An absolute unknown underdog in the Kentucky Derby and piloted by the relatively unknown 25 year old jockey Mario Gutierrez, I’ll Have Another waited until the last few hundred yards of the Run for the Roses before overtaking Bob Baffert’s Bodemeister in the shadow of the storied Twin Spires at Churchill Downs. Then, in an absolutely unexpected turn of events, the three-year-old thoroughbred trained by Doug O’Neill and owned by J. Paul Reddam employed the identical strategy to win the 137th running of the Preakness Stakes.
Guess which horse he passed in literally identical fashion to win the second leg of the vaunted Triple Crown? Ask Bob Baffert, he remembers, because it was the same Bodemeister that I’ll Have Another outraced with almost no track left at Pimlico to offer him the rare chance at winning horse racing’s Triple Crown.
Most thoroughbred horses only run a race every 3 to 4 weeks, and with the Preakness Stakes coming exactly 3 weeks after the Kentucky Derby, and the upcoming Belmont Stakes only 2 weeks to the day after the running of the Preakness race, these horces are put to the maximum physical test. That is why so few have ever won the Triple Crown of thoroughbred horse racing. It is just such an amazing test of physical and mental prowess on the part of the horse that it is very difficult to achieve this rare accomplishment. But just this week, I’ll Have Another got some news that will definitely help his chances of becoming only the 12th horse to ever win the Triple Crown.
Bob Baffert said that he is resting Bodemeister, and will not enter him in the Preakness Stakes race. That has got to be huge news for I’ll Have Another, who should change his name to “Just One More” since that’s all he needs to win to become a part of horse racing lore. But it took I’ll Have Another longer in the Preakness Stakes to overtake the field, and the Belmont Stakes is a 1 1/2 mile track, the longest of the three Triple Crown races. I’ll Have Another won’t just be racing the field of horses on June 9 at Belmont Park in Elmont, New York. He will be racing against history and his own level of endurance.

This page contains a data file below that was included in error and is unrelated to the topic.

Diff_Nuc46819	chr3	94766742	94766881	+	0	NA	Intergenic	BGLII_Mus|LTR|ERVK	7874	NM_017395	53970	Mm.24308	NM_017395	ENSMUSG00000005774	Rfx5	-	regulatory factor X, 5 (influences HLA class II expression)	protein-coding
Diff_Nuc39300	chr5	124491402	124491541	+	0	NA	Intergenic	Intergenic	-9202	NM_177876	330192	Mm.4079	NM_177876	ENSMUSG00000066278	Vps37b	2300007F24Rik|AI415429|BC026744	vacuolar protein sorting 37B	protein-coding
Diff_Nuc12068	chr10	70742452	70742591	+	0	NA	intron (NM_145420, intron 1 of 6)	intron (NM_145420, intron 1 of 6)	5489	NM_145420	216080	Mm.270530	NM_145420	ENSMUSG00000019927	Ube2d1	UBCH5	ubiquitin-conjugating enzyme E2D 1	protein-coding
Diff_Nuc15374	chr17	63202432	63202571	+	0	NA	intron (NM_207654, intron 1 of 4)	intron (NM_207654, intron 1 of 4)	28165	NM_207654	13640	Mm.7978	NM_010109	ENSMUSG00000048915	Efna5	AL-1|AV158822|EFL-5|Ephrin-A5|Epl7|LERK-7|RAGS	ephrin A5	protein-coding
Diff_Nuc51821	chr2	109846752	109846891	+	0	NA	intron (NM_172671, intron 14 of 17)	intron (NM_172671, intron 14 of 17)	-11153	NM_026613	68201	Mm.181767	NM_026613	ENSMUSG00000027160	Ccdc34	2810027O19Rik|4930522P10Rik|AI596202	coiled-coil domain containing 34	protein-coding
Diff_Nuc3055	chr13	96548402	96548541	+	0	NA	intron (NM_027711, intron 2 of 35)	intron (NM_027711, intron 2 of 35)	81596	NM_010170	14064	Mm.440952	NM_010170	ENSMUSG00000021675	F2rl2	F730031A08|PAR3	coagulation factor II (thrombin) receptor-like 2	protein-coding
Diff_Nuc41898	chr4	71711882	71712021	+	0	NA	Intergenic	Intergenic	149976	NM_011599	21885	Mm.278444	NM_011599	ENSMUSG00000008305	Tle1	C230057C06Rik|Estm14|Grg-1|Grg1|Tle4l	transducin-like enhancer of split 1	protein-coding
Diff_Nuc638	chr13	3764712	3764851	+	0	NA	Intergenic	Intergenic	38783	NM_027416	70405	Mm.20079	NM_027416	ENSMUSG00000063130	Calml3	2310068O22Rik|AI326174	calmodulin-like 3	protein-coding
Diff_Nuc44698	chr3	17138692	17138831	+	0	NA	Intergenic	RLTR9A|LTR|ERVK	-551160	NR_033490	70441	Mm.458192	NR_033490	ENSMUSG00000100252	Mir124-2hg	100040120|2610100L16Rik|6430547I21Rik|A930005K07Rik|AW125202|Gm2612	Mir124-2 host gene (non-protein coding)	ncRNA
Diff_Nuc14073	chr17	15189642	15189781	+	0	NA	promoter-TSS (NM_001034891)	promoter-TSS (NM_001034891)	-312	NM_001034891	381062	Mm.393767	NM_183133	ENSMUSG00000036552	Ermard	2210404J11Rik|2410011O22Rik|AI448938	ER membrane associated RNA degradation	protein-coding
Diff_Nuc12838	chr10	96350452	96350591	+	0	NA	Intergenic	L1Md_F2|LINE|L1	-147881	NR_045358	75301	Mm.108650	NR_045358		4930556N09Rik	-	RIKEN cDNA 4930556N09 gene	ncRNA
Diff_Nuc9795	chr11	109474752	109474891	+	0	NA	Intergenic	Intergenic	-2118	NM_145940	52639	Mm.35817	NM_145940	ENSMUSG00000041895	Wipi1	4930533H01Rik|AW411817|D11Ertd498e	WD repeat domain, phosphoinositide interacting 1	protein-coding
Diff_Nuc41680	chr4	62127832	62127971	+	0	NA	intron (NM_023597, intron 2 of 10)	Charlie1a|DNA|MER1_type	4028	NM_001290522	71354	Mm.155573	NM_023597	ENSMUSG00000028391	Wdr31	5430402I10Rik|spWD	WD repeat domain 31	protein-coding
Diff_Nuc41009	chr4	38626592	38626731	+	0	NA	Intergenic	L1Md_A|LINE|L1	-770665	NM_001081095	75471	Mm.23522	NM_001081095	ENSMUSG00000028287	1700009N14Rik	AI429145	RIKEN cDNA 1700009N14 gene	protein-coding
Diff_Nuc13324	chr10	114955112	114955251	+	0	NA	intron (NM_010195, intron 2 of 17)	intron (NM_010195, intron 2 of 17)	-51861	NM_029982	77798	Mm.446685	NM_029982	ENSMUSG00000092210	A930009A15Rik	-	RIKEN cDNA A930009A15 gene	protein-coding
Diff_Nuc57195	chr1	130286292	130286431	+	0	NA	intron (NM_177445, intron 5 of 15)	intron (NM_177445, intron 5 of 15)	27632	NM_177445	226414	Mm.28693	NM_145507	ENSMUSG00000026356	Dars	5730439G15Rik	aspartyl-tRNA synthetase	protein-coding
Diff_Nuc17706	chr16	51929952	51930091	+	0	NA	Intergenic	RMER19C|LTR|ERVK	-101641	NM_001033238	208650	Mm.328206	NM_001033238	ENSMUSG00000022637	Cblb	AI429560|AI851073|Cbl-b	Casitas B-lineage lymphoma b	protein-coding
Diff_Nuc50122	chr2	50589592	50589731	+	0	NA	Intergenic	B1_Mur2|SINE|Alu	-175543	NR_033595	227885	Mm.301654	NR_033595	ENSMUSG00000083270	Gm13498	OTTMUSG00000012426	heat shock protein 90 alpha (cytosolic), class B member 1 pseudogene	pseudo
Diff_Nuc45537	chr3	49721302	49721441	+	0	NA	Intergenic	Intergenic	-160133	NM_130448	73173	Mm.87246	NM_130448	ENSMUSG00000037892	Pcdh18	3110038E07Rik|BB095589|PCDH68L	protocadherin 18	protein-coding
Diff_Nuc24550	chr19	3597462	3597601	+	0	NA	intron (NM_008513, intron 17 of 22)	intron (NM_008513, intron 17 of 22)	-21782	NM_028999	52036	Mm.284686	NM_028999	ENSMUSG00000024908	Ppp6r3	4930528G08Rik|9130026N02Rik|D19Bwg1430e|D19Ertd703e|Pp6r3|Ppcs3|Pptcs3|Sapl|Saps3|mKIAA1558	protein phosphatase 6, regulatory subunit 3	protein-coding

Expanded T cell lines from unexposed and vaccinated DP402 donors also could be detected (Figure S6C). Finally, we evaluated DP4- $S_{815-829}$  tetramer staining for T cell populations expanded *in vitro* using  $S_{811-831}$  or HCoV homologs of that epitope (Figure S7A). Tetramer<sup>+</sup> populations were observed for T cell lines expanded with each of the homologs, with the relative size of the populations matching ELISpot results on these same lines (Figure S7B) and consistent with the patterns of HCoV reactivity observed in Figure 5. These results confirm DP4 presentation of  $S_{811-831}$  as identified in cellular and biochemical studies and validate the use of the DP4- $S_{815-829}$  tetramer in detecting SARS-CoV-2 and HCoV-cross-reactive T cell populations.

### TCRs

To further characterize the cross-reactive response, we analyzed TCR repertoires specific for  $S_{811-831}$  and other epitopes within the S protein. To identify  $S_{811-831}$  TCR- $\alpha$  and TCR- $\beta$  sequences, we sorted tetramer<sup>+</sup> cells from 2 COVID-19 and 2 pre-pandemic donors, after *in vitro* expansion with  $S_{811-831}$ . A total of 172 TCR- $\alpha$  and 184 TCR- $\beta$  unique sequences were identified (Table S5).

21 previous horses had enough to dominate the first two legs of the Triple Crown, yet failed to win at Belmont. Will this be the first year since 1978 saw jockey Steve Cauthen ride Affirmed to the Triple Crown that we will see one of the rarest achievements in sports? If so, I’ll Have Another is going to have to get past horses like Union Rags, who was a 5 to 1 favorite to win the Kentucky Derby. Rags did not race in the Preakness, and will be fresh as a daisy, looking forward to playing the role of spoiler. And just because Bob Baffert pulled Bodemeister, don’t think that he isn’t planning revenge with another horse. Baffert has entered Paynter in the Belmont, and Baffert is a Hall of Fame thoroughbred horse racing trainer for good reason. Paynter will be more than ready to ruin I’ll Have Another’s day.
And remember this. Dullahan almost caught I’ll Have Another in the Kentucky Derby, and it looks like he might have if the track where 1/4 mile longer. That is the case during the Belmont, and that may prove magical for Dullahan, and devastating for the late-finishing Derby and Preakness winner. Optimizer and Alpha are two horses which have to be considered threats to the Triple Crown achievement, and will certainly pay well if they win as underdog long shots. Come June 9 millions of fans around the world will be watching to see if this special thoroughbred will have another victory at Belmont, or will join a long distinguished list of horses who fell just one race short of the legendary Triple Crown.